The Secretary of State for Health and Social Care Steve Barclay has expressed his interest to work with ‘community pharmacists in tackling barriers to offer more services’ from the sector.
Community pharmacists can support with many more things to ease pressure on general practice, Barclay told parliament while he was updating on ‘what the government is doing to help the NHS deal with immediate winter pressures on Monday (9 January).
He further updated that from the end of March community pharmacies will take referrals from ‘Urgent and Emergency Care’ settings.
He added: “Later this year we will also start offering oral contraceptive services, including how we better use digital services.”
The service was originally planned to commence on 11th January 2023 and was delayed to ‘early 2023’.
“The primary care recovery plan will set out a range of additional services pharmacists can deliver,” Barclay said.
Responding to his statement, the Pharmaceutical Services Negotiating Committee (PSNC) commented: “We were pleased to hear the Secretary of State talking so positively and hope he is convinced of the case for investment in community pharmacies so that they can do more to help the NHS and the public it serves at this very difficult time.”
It added: “PSNC has aways believed that with greater integration, capacity and sustainable funding, community pharmacy can be a key part of the solution for big NHS challenges such as GP access.”
“It was good to hear the Secretary of State recognising that along with all the wider value that pharmacies deliver.”
The committee has been discussing a fully funded Pharmacy First scheme with the Government for many months – “putting a business case forward for this in our CPCF negotiations last Spring. We remain ready to start negotiations on this as soon as they want to.”
“As we said in our recent letter to the Secretary of State, the Government is now at a fork in the road – it must decide whether it wants that sustainable, fully resourced community pharmacy sector which could continue to deliver huge value to patients while also doing more to ease wider NHS pressures; or does it want to continue to degrade our sector and the services that so many people rely on. We very much hope the Secretary of State agrees it must be the former, and that Government is ready to back this with appropriate funding.”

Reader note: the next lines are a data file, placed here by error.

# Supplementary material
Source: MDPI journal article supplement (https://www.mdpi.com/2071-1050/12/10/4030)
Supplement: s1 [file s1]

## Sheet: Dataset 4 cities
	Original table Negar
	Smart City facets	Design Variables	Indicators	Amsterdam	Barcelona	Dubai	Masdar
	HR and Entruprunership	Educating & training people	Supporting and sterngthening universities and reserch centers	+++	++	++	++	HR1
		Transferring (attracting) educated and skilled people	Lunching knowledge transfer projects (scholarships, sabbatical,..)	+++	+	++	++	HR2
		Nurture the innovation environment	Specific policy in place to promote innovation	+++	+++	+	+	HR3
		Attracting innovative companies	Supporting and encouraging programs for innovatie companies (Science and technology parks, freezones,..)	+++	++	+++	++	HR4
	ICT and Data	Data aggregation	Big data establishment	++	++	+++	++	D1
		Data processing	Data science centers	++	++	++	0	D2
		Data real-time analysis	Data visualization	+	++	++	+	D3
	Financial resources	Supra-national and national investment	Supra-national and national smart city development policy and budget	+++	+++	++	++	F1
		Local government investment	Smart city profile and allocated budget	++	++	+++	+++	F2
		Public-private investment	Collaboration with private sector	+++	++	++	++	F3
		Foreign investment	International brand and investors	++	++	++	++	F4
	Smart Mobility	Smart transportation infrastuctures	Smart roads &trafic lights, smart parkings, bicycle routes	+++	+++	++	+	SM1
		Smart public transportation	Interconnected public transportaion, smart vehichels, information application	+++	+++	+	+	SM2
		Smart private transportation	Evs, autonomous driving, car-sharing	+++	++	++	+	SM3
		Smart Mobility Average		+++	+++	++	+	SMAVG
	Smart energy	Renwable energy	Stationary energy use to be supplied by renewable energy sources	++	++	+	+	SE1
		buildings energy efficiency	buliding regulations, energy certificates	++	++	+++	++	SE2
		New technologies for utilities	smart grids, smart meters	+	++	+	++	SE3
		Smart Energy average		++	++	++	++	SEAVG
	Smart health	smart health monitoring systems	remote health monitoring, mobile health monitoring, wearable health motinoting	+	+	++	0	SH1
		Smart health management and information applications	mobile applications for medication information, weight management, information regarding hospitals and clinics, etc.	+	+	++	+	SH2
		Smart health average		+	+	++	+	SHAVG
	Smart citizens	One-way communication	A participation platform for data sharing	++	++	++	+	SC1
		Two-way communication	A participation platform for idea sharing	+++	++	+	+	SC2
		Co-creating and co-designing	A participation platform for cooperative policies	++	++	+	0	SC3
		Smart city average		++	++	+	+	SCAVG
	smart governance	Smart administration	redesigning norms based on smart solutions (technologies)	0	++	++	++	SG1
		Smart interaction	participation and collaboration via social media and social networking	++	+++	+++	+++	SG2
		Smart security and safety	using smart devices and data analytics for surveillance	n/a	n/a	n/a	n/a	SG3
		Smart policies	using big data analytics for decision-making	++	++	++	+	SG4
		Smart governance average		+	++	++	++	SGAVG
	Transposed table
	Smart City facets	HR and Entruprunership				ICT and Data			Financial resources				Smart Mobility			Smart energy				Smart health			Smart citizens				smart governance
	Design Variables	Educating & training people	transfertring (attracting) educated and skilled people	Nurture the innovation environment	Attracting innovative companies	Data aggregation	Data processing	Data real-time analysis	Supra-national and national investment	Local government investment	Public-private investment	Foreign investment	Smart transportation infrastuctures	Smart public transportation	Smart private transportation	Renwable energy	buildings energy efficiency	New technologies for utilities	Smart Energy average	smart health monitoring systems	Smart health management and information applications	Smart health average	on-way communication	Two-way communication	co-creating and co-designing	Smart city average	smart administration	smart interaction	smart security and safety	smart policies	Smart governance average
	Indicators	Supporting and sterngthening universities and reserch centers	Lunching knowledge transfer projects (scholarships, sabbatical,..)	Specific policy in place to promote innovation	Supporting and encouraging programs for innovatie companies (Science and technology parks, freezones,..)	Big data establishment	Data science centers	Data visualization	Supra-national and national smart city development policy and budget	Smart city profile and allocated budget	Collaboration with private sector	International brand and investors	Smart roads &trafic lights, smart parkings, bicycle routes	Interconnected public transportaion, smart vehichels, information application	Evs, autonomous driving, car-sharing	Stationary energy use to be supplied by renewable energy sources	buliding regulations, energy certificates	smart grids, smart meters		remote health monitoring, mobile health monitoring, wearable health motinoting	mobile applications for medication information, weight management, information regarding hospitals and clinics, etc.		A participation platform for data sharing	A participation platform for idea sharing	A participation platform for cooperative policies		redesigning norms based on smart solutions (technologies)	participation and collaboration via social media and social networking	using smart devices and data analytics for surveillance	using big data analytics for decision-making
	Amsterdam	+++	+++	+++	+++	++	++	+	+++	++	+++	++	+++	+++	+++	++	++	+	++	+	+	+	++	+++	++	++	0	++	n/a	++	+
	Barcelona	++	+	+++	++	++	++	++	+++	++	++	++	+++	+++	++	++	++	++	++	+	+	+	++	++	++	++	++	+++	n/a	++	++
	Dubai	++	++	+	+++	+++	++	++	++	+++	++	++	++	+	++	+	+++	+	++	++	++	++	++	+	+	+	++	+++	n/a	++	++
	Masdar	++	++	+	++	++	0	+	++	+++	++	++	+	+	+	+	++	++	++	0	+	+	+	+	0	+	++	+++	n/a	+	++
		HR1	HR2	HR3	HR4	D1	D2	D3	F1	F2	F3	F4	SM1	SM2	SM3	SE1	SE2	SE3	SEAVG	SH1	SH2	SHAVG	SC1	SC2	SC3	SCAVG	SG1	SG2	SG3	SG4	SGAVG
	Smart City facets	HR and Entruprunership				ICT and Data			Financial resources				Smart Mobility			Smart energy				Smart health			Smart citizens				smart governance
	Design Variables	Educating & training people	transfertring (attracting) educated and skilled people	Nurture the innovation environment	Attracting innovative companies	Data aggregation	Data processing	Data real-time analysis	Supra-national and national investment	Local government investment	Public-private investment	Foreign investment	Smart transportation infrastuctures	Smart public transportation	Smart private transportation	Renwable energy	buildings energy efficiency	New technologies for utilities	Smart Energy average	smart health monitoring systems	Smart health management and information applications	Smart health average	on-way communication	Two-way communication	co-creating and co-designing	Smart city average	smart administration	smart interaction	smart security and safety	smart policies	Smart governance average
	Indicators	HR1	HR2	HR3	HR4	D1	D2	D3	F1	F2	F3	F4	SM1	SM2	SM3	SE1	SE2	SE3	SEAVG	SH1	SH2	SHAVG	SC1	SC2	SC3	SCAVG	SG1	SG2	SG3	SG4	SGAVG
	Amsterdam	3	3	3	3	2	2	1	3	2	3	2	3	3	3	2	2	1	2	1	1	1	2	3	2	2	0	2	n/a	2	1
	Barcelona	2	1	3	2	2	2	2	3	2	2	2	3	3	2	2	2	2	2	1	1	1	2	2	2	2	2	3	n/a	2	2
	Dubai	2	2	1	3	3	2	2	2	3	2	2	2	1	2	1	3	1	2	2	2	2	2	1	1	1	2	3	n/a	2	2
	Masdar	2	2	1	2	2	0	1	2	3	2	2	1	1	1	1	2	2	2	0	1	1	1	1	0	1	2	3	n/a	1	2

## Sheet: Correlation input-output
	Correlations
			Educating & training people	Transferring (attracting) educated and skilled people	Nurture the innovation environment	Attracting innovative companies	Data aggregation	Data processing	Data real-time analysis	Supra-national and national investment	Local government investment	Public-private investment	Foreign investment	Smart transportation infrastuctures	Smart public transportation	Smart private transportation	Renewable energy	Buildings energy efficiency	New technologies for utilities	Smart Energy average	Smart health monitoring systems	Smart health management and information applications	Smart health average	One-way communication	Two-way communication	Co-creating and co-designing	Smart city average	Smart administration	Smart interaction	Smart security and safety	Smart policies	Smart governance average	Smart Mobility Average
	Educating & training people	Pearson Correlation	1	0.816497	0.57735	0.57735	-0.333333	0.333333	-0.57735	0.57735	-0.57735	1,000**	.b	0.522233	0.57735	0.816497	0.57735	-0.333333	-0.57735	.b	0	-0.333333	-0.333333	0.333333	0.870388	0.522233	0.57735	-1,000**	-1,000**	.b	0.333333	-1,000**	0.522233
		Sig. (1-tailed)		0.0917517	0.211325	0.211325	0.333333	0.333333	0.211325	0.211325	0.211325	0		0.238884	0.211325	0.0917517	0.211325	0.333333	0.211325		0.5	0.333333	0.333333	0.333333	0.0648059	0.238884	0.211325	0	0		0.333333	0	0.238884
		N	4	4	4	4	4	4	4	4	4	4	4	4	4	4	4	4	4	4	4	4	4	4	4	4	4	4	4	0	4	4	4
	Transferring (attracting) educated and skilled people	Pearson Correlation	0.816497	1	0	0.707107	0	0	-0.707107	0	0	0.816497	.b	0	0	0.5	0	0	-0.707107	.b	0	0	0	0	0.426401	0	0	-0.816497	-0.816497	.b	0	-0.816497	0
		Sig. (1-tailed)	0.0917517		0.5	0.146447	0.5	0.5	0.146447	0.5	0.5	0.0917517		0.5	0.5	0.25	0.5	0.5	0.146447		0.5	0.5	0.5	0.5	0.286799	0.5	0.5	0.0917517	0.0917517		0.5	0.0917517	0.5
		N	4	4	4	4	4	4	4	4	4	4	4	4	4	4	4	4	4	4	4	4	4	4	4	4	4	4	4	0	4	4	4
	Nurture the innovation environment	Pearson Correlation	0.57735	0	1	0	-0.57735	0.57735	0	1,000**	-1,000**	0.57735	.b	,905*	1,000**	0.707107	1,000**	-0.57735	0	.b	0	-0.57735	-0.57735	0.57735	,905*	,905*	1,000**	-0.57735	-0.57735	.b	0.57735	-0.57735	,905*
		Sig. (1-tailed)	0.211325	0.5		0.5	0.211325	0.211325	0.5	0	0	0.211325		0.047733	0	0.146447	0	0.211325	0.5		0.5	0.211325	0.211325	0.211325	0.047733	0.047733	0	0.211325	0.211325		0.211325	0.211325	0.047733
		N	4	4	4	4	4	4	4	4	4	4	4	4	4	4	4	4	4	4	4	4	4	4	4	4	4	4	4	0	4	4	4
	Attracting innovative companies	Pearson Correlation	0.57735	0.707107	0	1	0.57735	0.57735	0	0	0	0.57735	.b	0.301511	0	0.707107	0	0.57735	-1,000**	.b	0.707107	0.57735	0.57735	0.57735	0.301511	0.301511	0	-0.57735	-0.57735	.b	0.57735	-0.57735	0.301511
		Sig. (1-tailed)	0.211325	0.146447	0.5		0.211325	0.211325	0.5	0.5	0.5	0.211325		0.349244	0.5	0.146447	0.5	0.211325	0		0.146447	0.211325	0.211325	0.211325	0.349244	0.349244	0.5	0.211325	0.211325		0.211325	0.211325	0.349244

On Saturday (7 January), the Association of Independent Multiple Pharmacies (AIMp) board director and member and also the executive director of Day Lewis, Jay Patel highlighted the key issues and on ground challenges faced by the community pharmacy at the ‘pan- healthcare roundtable’ discussions hosted by Prime Minister Rishi Sunak and the health secretary in Downing Street.
Dr Leyla Hannbeck, chief executive AIMp said: “We welcome the announcement by Secretary of State for health and social care Steve Barclays on 9 January eluding to government’s desire to progress a Pharmacy First scheme for England.”
“Pharmacy First scheme has historically presented a challenge for negotiators to land in recent years. It is clear barriers have existed to the notion of efficacious products being available readily through the pharmacy network – we hope that this is now fast tracked underpinned by a willingness to happen in the light of huge capacity challenges facing the NHS.”
The association hopes that Pharmacy First becomes the catalyst to future pathways delivered by community pharmacy in order to improve patients access to care – for example a vaccination first scheme as part of the prevention agenda, and integration to management of long term conditions.